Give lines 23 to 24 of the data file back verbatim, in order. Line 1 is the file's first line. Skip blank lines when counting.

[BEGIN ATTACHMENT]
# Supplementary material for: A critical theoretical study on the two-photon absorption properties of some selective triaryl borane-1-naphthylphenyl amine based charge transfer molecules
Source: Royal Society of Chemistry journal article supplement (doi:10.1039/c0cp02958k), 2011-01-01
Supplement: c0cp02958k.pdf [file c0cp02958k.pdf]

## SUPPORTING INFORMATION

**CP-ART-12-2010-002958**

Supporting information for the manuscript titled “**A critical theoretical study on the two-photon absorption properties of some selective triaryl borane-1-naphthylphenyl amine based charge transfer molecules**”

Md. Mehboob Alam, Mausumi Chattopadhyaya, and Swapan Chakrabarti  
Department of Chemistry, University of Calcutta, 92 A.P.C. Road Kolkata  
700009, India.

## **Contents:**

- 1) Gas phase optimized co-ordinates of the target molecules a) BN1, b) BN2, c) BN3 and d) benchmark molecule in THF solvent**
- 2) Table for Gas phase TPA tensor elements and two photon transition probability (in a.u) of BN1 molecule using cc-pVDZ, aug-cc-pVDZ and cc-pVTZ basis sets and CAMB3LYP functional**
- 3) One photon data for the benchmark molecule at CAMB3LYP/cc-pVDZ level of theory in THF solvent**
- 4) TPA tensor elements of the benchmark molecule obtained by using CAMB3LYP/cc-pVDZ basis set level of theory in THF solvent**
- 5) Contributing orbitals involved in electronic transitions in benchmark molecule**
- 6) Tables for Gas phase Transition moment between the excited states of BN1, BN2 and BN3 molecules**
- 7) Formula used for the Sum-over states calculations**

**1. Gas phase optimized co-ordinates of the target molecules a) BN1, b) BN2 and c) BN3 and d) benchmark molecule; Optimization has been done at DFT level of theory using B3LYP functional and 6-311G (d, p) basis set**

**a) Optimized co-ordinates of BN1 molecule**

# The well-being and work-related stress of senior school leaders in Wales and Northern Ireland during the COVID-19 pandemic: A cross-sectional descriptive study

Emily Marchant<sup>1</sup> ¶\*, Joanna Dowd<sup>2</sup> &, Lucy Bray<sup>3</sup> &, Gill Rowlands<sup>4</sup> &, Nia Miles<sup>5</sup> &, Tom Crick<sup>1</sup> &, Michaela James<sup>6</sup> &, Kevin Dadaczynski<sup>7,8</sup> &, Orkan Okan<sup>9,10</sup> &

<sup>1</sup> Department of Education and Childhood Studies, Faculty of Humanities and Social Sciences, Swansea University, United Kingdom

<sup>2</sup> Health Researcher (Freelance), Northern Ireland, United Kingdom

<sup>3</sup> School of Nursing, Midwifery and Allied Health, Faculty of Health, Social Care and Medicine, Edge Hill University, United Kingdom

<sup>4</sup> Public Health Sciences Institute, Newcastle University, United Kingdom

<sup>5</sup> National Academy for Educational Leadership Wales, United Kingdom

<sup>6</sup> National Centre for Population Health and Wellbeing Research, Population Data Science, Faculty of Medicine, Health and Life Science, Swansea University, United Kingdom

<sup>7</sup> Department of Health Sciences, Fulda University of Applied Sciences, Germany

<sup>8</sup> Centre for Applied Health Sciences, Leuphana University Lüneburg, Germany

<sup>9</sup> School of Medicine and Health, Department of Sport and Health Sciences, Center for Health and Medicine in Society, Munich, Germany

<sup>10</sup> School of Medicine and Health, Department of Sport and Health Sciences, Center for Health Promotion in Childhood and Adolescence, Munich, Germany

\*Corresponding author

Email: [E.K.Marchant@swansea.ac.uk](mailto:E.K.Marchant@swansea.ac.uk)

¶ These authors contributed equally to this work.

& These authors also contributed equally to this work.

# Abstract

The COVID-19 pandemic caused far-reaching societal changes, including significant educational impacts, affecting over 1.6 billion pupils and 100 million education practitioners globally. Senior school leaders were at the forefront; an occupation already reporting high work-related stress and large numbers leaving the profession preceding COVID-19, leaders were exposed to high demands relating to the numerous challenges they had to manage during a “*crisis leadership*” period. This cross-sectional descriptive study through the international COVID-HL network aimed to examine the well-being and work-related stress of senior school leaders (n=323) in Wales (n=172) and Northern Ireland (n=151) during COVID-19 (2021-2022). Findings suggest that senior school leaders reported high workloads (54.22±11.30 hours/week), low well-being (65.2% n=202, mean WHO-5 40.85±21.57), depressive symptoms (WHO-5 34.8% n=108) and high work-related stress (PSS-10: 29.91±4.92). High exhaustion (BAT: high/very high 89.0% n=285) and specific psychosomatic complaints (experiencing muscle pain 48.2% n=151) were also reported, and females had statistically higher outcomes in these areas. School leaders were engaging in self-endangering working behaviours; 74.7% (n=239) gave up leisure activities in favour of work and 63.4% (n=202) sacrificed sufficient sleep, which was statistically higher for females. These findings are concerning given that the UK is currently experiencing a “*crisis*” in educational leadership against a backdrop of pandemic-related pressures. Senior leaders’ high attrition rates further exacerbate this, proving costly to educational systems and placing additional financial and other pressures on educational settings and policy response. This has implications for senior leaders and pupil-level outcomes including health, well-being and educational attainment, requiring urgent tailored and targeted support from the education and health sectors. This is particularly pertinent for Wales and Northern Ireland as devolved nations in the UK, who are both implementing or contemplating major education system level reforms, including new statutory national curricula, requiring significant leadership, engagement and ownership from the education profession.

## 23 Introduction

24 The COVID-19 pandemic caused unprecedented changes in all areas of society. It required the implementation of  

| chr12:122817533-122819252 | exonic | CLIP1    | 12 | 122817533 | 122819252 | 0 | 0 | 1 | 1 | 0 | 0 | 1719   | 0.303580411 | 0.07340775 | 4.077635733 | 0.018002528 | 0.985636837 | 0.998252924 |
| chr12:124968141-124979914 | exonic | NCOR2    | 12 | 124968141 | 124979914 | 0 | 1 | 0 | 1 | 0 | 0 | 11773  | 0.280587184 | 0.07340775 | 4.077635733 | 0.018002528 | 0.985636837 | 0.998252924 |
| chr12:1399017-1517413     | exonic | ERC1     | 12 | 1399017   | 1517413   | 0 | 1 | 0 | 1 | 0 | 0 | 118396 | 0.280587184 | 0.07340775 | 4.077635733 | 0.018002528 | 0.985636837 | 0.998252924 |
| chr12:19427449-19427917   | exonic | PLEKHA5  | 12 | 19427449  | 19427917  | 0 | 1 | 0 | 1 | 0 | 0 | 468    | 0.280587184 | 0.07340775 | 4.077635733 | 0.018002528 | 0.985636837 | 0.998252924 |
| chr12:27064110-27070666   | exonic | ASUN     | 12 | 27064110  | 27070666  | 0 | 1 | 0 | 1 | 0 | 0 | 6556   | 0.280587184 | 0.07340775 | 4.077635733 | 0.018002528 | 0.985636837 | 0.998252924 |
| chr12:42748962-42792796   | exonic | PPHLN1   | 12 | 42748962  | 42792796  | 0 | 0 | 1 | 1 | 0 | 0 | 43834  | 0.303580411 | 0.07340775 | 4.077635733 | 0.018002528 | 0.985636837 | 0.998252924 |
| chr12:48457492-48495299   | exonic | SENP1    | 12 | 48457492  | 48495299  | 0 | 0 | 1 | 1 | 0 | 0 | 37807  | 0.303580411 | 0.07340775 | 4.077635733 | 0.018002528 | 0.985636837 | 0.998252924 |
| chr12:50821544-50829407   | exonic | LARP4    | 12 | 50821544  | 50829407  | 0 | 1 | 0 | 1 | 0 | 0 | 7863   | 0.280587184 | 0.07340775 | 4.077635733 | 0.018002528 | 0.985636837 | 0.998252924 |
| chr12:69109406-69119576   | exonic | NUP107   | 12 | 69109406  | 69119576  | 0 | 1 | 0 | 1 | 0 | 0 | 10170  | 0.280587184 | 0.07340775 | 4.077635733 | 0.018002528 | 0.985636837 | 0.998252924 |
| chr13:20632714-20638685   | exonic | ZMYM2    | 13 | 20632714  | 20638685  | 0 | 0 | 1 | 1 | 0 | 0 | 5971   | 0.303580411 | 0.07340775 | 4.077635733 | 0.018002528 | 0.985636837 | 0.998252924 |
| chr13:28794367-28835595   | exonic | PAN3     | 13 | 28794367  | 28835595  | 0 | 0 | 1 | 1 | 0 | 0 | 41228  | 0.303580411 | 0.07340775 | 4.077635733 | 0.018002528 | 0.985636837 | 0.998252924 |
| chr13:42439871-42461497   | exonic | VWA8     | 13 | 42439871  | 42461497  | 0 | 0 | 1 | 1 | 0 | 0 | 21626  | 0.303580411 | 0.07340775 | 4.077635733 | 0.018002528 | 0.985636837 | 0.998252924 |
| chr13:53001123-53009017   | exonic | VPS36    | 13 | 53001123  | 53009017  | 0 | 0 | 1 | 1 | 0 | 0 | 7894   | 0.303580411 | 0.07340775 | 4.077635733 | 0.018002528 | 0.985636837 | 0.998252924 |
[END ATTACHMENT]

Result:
<sup>2</sup> Health Researcher (Freelance), Northern Ireland, United Kingdom

<sup>3</sup> School of Nursing, Midwifery and Allied Health, Faculty of Health, Social Care and Medicine, Edge Hill University, United Kingdom